The family that didn't quite fit in probably best describes Kath, Bill, Steven and Christopher and their distinctive lifestyle in the 1960s and 1970s and Fowler chronicles Bill's domination by his mother, the Cruella de Vil-like Mrs. Fowler, his father's Heath Robinson approach to doing the house up and his mother's quiet support of his blossoming writing abilities. If you were a child of the period and the synapses of your brain were irrevocably besmirched by Doctor Who, Hammer films, super heroes, free gifts in cereal packets, war comics and the rampant desire to tell stories in vast collections of exercise books... then you are Christopher Fowler and I claim my £5. A charming, witty, nostalgia soaked chronicle that above all exposes the very influences that come to bear on a writer, both cultural and familial. His eventual triumph as a writer after an erratic, often surreal, upbringing (which seemed perfectly normal to me) brings tears to the eyes. Lovely.

Having recently dipped my toe into the arena of Doctor Who academe I feel it is only fitting to acknowledge Dr. Matt Hills and his benchmark study of the Russell T. Davies's era of the show in Triumph of a Time Lord (I.B Tauris). I am pleased to say that Hills and his book were a constant inspiration and I have happily quoted it in my own work. Here, Hills sets out to provide an accessible and thoughtful examination of the revival of the series in one of the first major works to do so. This is not a dry-as-dust treatise and is recommended to those readers who find much of the theoretical analysis of television, and Doctor Who in particular, slightly off-putting and yet still desire an engaging exchange of ideas. He doesn't go for highfalutin' terminology (none of the semiotics that The Unfolding Text tended to drown in) and very consistently, patiently and wittily unpacks the latest era of the show. Yes, there is often recourse to academic language but then this isn't a specifically mainstream book and it is achieved with some grace.

The aim here is to describe what kind of programme Doctor Who is in the 21st century by looking at Russell T. Davies as a specific author, his so-called 'agenda' and how fan discourses and authors have shaped that 'agenda'; at the production as a result of fans turned producers; at the position of the series as 'quality' television with an emphasis on spectacle, branding and genre. Overall, he argues that Doctor Who has now become a mainstream cult and emphasises its journey from a cult programme at best tolerated by the BBC to its prominence as a flagship, multi-platform drama at the heart of the BBC's schedules. How this happened and how genre, authorship and fandom influenced a golden age for the series is something you'll be eager to find out in Hills excellent book. Do not expect an episode guide or behind the scenes type book. If you're keen on analysis then this is for you.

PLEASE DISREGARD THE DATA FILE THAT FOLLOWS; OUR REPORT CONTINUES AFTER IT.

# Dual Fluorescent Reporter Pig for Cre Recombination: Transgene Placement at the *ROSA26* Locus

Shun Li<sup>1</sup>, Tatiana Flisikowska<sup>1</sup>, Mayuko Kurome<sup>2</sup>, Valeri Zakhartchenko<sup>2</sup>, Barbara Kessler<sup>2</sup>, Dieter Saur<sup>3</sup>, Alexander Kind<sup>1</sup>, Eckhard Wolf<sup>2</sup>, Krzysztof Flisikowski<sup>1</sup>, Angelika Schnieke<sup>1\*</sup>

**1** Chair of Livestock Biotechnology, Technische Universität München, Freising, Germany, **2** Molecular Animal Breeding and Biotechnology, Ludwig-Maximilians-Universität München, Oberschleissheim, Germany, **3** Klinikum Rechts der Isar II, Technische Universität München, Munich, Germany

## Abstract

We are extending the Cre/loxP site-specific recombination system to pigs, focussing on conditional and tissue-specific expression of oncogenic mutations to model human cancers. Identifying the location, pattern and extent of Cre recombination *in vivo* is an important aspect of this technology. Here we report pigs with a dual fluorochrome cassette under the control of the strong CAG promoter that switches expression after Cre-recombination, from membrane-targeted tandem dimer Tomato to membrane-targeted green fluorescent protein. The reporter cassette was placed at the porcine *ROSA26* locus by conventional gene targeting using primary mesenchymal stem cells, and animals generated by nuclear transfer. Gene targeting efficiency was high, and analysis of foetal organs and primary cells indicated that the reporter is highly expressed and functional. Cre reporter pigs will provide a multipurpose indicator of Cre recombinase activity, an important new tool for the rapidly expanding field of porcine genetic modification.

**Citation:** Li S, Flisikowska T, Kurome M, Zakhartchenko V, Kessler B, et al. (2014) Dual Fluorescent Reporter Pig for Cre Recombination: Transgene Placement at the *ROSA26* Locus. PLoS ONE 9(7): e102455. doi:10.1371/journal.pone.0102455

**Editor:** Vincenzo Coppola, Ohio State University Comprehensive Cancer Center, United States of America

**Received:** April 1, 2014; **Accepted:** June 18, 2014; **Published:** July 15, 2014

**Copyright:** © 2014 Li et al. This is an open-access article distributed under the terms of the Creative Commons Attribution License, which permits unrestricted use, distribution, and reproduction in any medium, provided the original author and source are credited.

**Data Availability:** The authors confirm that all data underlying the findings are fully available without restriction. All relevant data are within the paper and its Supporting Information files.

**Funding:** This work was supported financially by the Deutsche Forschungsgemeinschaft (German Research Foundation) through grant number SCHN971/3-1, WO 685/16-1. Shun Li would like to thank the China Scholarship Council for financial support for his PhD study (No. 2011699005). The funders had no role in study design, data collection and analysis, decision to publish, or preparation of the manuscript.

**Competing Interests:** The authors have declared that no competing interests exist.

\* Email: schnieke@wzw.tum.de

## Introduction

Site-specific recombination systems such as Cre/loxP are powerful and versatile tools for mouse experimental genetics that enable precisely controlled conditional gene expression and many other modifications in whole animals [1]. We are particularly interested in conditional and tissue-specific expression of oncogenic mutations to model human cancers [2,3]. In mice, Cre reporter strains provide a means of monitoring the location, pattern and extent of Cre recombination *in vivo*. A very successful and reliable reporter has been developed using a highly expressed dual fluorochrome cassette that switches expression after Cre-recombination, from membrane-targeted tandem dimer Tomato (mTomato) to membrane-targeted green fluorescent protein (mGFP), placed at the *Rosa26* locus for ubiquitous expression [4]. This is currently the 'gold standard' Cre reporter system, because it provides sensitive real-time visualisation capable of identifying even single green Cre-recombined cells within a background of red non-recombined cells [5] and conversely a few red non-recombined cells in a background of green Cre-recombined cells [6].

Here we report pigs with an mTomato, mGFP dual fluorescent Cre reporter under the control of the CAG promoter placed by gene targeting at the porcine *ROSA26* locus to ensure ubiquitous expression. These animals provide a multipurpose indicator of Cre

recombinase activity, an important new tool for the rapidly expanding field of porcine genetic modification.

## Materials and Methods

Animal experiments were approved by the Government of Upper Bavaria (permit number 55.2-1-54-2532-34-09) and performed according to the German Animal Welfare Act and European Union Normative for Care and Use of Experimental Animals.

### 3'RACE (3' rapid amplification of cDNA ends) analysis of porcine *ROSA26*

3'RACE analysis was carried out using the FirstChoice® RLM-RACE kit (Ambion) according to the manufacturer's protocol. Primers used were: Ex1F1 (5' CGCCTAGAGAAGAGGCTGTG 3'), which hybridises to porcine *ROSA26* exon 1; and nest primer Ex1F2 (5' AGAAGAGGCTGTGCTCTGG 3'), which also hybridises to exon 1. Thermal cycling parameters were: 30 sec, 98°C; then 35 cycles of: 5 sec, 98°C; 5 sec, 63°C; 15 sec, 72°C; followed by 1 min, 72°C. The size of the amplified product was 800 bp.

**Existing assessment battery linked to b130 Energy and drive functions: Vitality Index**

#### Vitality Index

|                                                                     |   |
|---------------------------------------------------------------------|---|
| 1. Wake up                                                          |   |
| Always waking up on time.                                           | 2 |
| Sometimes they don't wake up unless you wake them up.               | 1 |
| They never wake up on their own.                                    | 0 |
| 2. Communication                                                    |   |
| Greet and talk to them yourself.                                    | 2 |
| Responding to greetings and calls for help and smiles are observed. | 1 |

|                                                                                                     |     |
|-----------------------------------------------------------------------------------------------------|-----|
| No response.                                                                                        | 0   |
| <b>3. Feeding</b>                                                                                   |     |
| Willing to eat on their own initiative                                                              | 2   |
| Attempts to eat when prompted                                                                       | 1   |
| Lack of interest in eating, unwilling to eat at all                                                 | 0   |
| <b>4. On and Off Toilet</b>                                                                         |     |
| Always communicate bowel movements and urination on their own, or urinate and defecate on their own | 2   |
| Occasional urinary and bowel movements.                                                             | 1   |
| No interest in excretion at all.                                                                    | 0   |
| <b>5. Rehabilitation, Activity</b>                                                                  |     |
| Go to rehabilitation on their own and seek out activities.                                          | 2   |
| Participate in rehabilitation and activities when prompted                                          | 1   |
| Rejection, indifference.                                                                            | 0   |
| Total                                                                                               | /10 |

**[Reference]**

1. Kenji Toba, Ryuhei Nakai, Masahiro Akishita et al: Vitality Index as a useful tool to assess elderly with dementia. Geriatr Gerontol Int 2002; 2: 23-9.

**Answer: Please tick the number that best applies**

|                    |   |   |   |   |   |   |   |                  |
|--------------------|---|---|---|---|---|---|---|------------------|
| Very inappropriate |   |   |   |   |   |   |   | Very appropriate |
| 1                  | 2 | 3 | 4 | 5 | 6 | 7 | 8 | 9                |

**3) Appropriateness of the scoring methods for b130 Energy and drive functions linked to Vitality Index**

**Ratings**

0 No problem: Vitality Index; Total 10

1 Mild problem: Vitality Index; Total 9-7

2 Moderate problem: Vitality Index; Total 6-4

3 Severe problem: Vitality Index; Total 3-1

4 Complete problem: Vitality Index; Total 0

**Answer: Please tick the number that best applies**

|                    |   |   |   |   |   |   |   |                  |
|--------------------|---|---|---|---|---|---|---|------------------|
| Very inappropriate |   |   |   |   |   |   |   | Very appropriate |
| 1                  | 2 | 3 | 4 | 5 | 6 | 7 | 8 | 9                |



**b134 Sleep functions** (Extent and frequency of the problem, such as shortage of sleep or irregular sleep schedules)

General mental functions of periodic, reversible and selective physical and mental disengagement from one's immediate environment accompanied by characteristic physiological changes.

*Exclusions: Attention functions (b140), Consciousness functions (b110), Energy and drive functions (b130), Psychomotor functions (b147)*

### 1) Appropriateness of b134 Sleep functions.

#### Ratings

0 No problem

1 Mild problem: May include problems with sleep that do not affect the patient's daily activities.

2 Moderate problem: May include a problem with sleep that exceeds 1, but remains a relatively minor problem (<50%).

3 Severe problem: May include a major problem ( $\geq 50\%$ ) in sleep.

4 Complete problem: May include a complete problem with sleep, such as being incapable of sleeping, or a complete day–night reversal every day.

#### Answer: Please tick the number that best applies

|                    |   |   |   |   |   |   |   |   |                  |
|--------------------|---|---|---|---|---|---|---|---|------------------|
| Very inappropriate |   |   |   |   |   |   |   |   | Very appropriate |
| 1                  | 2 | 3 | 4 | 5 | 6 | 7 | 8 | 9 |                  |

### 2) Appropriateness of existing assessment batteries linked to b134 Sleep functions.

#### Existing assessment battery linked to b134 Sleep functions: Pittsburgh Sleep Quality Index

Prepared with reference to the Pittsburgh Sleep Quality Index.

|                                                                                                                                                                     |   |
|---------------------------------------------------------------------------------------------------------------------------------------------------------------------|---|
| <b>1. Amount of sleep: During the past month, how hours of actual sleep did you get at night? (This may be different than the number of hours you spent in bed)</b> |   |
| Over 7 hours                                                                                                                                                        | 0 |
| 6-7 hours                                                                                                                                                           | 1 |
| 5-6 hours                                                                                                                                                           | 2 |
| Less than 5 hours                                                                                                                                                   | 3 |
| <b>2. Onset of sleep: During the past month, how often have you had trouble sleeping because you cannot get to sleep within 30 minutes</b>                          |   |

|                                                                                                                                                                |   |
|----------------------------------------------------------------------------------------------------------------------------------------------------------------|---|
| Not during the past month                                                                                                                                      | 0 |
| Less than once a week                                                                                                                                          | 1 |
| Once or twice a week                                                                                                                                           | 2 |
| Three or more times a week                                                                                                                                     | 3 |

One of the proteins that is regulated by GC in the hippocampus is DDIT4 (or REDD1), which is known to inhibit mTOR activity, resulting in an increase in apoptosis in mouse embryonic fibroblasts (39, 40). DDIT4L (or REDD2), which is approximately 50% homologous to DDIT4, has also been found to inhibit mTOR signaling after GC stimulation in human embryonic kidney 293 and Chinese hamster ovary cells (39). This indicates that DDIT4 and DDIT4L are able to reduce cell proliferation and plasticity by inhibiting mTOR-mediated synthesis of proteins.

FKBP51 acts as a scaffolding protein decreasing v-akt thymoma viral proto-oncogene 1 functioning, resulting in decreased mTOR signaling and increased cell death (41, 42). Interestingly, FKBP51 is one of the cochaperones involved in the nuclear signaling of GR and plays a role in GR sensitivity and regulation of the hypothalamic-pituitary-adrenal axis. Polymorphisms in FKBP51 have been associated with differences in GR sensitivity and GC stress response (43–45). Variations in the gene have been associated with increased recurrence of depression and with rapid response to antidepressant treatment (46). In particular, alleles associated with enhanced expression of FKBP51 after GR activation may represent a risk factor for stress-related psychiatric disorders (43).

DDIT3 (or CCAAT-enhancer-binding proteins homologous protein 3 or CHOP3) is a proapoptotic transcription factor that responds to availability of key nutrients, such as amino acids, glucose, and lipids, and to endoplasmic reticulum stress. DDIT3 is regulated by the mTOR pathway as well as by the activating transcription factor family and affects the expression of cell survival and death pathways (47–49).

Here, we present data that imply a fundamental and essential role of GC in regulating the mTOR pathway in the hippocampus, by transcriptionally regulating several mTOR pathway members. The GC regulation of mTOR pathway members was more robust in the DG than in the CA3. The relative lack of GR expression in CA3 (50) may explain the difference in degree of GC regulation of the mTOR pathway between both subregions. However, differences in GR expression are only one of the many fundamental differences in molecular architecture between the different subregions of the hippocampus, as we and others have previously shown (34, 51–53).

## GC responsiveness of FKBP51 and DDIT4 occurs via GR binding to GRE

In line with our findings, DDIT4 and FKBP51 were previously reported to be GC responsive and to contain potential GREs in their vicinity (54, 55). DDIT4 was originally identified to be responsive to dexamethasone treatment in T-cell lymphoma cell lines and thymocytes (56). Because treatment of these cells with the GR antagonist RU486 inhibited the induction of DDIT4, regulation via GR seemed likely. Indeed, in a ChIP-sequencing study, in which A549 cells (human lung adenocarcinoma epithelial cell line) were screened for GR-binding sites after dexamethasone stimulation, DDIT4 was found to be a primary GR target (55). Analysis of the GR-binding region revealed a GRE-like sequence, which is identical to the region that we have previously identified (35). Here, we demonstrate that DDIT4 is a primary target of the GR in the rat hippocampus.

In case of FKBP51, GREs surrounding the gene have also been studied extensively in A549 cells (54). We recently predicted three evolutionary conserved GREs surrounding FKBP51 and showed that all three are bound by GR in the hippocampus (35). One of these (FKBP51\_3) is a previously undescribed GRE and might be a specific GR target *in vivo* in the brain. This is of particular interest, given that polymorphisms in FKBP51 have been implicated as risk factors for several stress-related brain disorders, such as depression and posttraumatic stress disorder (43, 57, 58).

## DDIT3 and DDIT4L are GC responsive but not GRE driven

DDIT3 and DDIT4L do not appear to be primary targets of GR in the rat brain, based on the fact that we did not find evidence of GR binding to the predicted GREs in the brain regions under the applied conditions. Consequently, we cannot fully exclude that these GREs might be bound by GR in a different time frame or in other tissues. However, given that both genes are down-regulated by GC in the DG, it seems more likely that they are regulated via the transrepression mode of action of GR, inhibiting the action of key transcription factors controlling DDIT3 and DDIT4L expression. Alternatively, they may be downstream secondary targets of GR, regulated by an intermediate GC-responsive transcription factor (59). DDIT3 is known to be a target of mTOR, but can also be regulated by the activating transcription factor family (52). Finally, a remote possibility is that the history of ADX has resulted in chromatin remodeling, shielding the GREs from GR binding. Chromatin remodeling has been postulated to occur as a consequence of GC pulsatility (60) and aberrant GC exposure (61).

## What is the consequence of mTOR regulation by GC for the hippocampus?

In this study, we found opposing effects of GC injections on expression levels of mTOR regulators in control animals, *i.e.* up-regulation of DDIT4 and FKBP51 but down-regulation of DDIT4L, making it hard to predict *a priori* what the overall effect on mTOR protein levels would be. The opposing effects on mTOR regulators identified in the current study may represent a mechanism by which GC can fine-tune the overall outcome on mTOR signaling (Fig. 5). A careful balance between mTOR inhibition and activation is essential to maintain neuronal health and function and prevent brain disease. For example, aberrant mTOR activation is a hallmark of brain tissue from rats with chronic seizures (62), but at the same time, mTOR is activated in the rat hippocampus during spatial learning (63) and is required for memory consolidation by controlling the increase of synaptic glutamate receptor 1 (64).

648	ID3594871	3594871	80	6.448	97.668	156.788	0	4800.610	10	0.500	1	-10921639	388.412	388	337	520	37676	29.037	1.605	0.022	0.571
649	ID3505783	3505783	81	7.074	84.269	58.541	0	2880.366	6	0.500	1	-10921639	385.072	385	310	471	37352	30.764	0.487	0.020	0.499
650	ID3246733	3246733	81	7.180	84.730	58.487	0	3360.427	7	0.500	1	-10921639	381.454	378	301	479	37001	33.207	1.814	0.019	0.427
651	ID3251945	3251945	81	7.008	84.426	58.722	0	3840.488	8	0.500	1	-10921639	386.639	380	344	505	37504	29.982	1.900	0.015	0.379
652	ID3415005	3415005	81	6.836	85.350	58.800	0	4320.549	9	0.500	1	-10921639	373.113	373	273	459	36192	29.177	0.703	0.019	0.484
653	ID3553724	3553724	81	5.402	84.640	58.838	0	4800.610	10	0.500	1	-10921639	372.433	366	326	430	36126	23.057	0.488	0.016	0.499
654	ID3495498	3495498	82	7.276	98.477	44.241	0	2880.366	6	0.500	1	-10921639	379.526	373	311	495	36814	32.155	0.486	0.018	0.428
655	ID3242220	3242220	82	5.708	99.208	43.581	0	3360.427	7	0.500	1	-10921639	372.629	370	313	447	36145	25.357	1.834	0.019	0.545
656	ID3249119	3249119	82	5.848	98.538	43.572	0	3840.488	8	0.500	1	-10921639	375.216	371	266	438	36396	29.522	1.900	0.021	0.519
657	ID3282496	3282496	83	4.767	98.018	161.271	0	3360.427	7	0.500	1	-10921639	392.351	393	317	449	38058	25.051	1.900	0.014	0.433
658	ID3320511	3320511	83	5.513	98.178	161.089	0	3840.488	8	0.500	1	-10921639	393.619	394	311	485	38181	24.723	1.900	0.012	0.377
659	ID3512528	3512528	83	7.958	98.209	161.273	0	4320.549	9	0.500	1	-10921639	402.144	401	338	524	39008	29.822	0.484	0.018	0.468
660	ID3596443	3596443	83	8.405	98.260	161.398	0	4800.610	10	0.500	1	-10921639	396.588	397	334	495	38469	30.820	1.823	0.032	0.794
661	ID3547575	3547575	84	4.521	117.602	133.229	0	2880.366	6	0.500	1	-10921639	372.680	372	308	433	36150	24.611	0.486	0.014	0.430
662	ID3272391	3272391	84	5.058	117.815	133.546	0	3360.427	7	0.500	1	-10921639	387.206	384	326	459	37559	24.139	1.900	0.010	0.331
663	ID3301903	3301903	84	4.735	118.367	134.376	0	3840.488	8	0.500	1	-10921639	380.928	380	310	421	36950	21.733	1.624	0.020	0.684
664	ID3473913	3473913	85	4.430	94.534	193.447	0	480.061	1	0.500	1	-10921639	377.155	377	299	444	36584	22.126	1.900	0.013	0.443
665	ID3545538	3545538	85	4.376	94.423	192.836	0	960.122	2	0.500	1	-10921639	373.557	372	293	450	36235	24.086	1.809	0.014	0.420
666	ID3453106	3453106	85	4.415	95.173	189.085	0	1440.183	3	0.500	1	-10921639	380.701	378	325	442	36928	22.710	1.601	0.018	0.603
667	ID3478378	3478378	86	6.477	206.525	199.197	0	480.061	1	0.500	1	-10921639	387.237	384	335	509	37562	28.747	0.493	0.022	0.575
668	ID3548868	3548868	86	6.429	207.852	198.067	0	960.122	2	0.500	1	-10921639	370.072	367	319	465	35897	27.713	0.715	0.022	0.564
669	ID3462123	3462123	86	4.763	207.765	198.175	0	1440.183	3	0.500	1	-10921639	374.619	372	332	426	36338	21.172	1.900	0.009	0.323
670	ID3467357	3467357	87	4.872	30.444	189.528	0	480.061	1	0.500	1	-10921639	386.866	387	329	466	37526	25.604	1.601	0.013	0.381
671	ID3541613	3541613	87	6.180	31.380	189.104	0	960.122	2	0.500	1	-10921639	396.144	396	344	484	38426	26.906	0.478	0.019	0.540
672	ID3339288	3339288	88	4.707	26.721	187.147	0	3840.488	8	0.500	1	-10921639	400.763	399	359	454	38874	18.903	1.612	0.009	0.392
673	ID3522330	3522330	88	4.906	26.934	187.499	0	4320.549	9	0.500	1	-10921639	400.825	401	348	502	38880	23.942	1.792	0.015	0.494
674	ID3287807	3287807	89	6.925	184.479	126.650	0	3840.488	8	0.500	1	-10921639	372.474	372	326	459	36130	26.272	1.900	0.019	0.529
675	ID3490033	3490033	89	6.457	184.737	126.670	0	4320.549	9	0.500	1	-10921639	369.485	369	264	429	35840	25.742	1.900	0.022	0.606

Paul O'Grady is something of a national treasure and his first book, At My Mother's Knee and Other Low Joints took us back to his childhood in post-war Liverpool and his early misadventures growing up, a gay teenager riddled with Catholic guilt. The Devil Rides Out: The Second Coming (Bantam) picks the story up just as his girlfriend (yes, that's right girlfriend ) announces she's pregnant with his child on the same night his father dies and his mother has a heart attack. The book chronicles his naive inability to become a father and look after baby Sharyn and mother Diane. He voices his horror in "to be honest, the baby still scared me. No, she terrified the life out of me and I looked upon my daughter, sweet little thing though she undoubtedly was, as if she were somebody else's child, nearly always coming away from a visit hating myself for harbouring what I considered unnatural emotions. After all, didn't I come from a warm, loving family? So why then couldn't I express the same love and affection for this child? Jesus, for an eighteen-year-old I was carrying a lot of guilt around."